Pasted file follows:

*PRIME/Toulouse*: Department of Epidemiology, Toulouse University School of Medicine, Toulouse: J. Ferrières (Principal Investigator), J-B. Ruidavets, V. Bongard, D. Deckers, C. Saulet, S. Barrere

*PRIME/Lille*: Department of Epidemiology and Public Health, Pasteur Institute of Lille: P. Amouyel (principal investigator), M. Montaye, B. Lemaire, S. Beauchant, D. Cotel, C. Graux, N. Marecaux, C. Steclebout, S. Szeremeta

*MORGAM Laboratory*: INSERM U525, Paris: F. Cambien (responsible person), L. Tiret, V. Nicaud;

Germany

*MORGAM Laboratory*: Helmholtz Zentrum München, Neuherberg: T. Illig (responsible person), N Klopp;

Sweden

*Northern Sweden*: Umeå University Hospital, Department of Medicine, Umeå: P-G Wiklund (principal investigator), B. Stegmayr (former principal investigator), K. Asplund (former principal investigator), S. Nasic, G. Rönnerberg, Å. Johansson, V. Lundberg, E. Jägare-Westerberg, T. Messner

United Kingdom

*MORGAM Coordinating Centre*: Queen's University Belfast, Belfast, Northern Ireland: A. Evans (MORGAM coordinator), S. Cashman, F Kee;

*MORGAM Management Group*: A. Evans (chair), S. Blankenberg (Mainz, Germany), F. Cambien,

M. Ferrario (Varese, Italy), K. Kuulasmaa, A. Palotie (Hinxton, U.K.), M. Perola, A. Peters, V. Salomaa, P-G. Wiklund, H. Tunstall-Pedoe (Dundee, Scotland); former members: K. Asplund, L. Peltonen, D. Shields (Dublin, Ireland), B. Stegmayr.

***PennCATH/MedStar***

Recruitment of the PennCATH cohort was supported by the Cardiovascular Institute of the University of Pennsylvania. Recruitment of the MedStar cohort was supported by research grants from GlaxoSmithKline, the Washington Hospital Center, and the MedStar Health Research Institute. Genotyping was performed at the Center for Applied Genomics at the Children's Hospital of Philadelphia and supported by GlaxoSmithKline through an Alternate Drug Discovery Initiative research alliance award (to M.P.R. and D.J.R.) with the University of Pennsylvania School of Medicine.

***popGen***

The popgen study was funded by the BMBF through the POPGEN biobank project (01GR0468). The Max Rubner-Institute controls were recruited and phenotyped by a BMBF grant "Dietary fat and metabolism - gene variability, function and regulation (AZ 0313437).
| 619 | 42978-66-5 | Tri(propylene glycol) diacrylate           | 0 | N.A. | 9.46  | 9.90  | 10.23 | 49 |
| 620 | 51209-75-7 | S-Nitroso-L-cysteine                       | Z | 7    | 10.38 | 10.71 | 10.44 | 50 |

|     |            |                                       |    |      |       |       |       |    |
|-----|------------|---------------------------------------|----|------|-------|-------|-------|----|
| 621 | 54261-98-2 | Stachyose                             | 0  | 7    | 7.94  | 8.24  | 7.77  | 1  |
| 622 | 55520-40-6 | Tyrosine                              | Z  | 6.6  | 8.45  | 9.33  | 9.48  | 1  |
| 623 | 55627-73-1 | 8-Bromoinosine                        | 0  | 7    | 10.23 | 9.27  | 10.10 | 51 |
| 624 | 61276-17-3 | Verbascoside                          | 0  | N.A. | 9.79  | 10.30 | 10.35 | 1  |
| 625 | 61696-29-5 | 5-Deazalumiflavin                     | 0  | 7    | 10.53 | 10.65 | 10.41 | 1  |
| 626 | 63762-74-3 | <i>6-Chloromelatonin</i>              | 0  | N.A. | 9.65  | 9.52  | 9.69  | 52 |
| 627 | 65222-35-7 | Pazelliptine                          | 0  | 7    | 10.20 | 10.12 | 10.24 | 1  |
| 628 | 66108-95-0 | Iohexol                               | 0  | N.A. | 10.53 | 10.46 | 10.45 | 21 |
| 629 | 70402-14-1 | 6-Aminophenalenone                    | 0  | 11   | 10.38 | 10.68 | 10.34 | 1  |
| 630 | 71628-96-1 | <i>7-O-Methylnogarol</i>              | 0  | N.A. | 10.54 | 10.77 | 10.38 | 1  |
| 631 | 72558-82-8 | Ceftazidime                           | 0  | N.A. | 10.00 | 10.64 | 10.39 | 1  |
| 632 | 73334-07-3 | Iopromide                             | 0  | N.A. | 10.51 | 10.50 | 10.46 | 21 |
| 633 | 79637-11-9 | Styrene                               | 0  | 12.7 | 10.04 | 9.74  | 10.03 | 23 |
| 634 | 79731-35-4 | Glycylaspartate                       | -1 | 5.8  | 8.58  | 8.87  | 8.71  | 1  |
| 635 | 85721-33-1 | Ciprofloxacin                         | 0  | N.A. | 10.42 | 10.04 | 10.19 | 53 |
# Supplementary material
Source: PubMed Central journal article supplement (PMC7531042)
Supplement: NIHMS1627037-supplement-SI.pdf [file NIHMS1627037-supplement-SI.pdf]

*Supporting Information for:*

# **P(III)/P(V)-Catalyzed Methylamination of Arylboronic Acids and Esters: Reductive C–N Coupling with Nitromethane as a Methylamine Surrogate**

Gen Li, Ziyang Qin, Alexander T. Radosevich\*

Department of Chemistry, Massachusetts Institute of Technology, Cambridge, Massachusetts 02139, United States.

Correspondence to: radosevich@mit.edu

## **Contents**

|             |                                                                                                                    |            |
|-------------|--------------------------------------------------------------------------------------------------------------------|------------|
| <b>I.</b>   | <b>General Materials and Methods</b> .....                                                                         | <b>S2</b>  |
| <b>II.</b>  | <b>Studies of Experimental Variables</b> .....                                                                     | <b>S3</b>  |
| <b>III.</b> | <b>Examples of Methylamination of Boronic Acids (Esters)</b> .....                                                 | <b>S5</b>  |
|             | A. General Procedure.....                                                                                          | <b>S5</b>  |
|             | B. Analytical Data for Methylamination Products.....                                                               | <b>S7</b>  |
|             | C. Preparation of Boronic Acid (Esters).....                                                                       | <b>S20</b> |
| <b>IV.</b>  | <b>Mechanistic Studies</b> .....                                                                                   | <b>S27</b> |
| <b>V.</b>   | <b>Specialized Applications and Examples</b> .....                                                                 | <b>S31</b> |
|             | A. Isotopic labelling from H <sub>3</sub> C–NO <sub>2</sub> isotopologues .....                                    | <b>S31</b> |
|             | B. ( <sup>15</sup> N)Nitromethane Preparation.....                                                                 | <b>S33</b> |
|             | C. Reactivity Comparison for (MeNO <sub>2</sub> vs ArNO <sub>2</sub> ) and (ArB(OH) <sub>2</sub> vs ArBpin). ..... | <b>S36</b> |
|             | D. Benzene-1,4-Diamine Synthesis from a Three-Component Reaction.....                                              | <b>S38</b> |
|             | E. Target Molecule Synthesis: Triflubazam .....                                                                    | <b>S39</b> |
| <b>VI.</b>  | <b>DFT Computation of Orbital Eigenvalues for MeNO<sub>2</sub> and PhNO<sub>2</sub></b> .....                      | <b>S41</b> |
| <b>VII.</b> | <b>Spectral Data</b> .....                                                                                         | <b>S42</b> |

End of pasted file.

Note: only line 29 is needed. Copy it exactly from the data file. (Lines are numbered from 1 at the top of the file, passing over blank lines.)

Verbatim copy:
| 630 | 71628-96-1 | <i>7-O-Methylnogarol</i>              | 0  | N.A. | 10.54 | 10.77 | 10.38 | 1  |